GOLD PRICES slipped back towards yesterday’s 1-week low of $1321 per ounce Tuesday in London even as world stockmarkets fell with commodities and the US Vix volatility index rose once again.
Gold prices rallied late Monday after US Federal Reserve governor Lael Brainard called for further delays
to a second Fed rate hike, rather than switching from ‘dove’ to ‘hawk’
ahead of next week’s September meeting and decision.
Asian stockmarkets failed Tuesday to extend Wall Street’s post-Brainard rally, and European equities reversed earlier gains as New York re-opened.
Government bond prices paused their rally after Friday and Monday’s hard sell-off, capping 10-year US Treasury yields at their highest level since the UK’s shock Brexit referendum result of late June at 1.67%.
“Wall Street’s ‘fear gauge’ has jumped to the highest since late June,” notes Jonathan Butler, precious metals strategist at Japanese conglomerate Mitsubishi, referring to the ‘Vix’ volatility index of US equity options traded on the CBOE exchange.
“[Yet] gold has failed to benefit much…perhaps indicating that despite an equity market sell-off many investors see gold as susceptible to central bank policy.”
Volatility in US equities remains “unsustainably low” says finance giant Blackrock’s head of asset allocation Russ Koesterich. “[So] I would be reluctant…to sell some or all of [my] holdings in the precious metal.
“Changes in the VIX Index – a measure of US equity volatility – explain nearly 20% of the variation in the relative return between gold and the S&P 500 Index,” Koesterich explains, adding that on data back to 1994 “when volatility rose, gold outperformed the S&P 500 price return by roughly 2% on average.”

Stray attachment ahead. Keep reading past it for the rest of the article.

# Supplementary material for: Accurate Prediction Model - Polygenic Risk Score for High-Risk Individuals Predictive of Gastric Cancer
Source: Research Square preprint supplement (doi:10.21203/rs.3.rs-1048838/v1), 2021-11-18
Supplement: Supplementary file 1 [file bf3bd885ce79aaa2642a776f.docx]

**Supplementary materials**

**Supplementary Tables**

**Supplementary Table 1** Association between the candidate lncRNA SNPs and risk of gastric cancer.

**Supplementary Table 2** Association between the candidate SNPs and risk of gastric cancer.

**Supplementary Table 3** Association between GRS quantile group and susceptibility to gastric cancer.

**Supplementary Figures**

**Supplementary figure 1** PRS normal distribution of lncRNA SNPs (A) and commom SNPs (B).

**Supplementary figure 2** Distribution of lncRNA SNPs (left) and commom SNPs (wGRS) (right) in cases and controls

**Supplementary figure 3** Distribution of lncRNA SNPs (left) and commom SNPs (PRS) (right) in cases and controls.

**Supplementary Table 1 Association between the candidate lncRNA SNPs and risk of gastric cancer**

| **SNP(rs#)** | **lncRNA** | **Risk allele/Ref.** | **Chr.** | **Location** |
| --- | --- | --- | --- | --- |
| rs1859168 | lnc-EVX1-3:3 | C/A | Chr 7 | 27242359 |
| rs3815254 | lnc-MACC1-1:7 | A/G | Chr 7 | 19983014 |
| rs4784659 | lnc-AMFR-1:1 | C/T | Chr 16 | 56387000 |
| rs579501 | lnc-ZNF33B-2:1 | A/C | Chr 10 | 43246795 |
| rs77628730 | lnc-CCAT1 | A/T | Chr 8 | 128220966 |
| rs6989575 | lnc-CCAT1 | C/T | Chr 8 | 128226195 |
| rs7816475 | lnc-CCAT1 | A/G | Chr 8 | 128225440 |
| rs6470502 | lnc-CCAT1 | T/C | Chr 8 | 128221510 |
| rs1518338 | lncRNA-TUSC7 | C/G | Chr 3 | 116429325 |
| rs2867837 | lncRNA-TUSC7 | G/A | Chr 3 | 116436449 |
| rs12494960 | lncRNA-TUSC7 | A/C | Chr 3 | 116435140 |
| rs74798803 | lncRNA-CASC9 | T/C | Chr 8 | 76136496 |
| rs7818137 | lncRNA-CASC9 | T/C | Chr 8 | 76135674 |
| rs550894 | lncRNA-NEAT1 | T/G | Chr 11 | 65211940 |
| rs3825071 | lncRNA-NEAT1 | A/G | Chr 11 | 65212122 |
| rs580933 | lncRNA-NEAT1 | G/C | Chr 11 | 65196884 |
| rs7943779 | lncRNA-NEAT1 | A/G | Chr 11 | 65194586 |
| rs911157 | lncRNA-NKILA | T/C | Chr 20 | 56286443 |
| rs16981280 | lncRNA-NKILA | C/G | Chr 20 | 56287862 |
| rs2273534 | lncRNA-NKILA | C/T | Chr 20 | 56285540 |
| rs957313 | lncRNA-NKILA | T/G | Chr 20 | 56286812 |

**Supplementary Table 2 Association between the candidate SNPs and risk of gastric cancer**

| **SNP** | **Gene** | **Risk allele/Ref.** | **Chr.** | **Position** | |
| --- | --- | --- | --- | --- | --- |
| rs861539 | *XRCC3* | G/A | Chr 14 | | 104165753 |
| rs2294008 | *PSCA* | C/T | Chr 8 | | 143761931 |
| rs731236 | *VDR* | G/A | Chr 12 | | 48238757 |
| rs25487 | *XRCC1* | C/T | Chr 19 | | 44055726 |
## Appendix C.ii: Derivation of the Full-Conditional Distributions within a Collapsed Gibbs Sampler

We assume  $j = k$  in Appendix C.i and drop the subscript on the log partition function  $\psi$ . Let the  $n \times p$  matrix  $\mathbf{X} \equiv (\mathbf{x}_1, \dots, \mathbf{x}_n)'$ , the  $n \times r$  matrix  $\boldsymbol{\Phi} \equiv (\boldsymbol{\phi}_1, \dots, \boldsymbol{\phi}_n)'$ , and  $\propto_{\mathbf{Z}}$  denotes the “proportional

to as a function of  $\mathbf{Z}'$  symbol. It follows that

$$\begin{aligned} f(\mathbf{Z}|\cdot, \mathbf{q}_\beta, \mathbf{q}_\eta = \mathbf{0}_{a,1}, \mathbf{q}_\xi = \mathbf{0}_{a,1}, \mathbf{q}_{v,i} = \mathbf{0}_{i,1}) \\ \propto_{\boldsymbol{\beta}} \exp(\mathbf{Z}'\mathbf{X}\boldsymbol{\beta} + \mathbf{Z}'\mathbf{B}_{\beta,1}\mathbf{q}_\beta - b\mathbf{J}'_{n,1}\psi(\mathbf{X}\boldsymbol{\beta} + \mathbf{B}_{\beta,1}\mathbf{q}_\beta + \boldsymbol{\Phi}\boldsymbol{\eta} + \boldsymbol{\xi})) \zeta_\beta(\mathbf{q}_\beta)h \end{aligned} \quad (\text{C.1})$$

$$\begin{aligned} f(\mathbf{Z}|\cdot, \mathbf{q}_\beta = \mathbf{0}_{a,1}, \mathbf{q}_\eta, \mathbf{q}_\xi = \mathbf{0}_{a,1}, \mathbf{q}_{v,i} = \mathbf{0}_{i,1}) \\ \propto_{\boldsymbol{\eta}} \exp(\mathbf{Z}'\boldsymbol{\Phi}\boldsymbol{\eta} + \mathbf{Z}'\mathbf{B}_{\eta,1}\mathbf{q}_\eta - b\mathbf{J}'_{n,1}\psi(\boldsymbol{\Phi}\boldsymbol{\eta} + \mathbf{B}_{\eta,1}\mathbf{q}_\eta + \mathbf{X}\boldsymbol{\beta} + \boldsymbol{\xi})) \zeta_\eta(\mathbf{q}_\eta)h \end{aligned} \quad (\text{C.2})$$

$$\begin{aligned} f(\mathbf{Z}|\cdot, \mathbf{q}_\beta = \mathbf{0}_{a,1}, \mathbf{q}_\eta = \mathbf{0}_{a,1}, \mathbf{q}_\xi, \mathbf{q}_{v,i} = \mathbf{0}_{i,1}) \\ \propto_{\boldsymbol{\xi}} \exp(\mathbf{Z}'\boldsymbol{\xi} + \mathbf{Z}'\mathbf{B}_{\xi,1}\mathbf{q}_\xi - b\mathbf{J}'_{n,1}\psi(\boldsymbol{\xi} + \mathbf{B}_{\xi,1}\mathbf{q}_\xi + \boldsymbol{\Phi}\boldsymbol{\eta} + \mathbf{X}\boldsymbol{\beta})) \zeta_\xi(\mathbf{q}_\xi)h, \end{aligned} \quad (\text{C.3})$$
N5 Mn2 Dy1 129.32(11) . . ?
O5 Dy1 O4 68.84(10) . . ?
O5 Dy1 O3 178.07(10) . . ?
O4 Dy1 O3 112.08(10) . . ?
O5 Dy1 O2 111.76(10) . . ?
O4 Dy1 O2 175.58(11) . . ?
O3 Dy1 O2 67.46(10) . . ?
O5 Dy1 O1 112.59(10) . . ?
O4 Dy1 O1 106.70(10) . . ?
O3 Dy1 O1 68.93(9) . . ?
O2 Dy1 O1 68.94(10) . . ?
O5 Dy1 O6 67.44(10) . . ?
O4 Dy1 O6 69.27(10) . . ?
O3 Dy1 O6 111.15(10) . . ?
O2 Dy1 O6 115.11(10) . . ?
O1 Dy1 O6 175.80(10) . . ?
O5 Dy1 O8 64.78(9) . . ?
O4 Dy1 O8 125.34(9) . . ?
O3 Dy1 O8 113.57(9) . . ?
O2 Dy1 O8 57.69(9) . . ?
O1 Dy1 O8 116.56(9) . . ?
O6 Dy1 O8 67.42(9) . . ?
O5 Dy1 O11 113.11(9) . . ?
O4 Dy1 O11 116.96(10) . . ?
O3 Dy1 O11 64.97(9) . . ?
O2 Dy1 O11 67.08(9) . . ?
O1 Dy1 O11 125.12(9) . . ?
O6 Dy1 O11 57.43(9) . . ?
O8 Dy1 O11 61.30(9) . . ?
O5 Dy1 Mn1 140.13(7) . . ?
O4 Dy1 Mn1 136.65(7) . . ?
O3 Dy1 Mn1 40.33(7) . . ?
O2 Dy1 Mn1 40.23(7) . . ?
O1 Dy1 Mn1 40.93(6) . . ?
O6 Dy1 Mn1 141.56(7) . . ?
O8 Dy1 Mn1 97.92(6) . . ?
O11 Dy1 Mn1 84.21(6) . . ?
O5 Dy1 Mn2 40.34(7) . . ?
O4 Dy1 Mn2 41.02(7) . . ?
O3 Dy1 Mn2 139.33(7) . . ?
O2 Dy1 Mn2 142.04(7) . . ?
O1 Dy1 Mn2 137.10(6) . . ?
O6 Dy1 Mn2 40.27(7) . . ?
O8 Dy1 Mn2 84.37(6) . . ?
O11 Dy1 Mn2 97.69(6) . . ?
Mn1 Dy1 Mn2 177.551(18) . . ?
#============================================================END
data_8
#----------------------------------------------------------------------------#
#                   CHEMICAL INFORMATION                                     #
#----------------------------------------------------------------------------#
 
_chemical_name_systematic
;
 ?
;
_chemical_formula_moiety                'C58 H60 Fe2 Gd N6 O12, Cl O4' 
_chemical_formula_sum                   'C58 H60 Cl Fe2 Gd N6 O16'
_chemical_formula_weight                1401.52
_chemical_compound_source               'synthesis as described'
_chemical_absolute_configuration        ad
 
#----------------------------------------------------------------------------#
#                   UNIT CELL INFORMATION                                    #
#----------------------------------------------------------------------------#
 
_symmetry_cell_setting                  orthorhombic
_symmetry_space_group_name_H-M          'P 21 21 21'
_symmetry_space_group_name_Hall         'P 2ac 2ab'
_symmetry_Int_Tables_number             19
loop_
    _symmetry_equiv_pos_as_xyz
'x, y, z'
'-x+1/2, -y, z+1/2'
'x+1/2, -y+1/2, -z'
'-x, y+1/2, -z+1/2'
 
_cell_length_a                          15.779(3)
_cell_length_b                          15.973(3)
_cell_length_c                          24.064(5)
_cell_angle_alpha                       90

Most notably, “Gold’s value as a hedge has historically been most pronounced during those periods when you need it the most,” Blackrock’s analysis
concludes, with gold beating the S&P 500 three-quarters of the time and by an average 5% when the Vix rose from already high levels.
Gold traded 4% below its average daily price since this time in 2011.
With 10-year German Bunds meantime offering 0.02% annual yield to new buyers, the share of Eurozone government debt paying negative rates “has fallen back below 50%
after a sell-off triggered by investor disappointment at the European Central Bank’s meeting last week,” says news-wire Reuters.
“That is down from 55% in early July [when] Britain’s vote to leave the European Union posed a threat to global growth.”
The recent sell-off in stocks and bonds marks “a loss of confidence
in the ability of central banks…to regenerate inflation,” says Harvard professor – and advocate of banning cash
to enable more negative rates – Ken Rogoff, speaking to Bloomberg Television on Tuesday.
“It may be true that global risk sentiment remains broadly stable,” says a gold investing recommendation from French bank Credit Agricole.
“[But] a large part of that stability was due to rising liquidity expectations [thanks to central bank QE and rate cuts] rather than better global growth prospects.”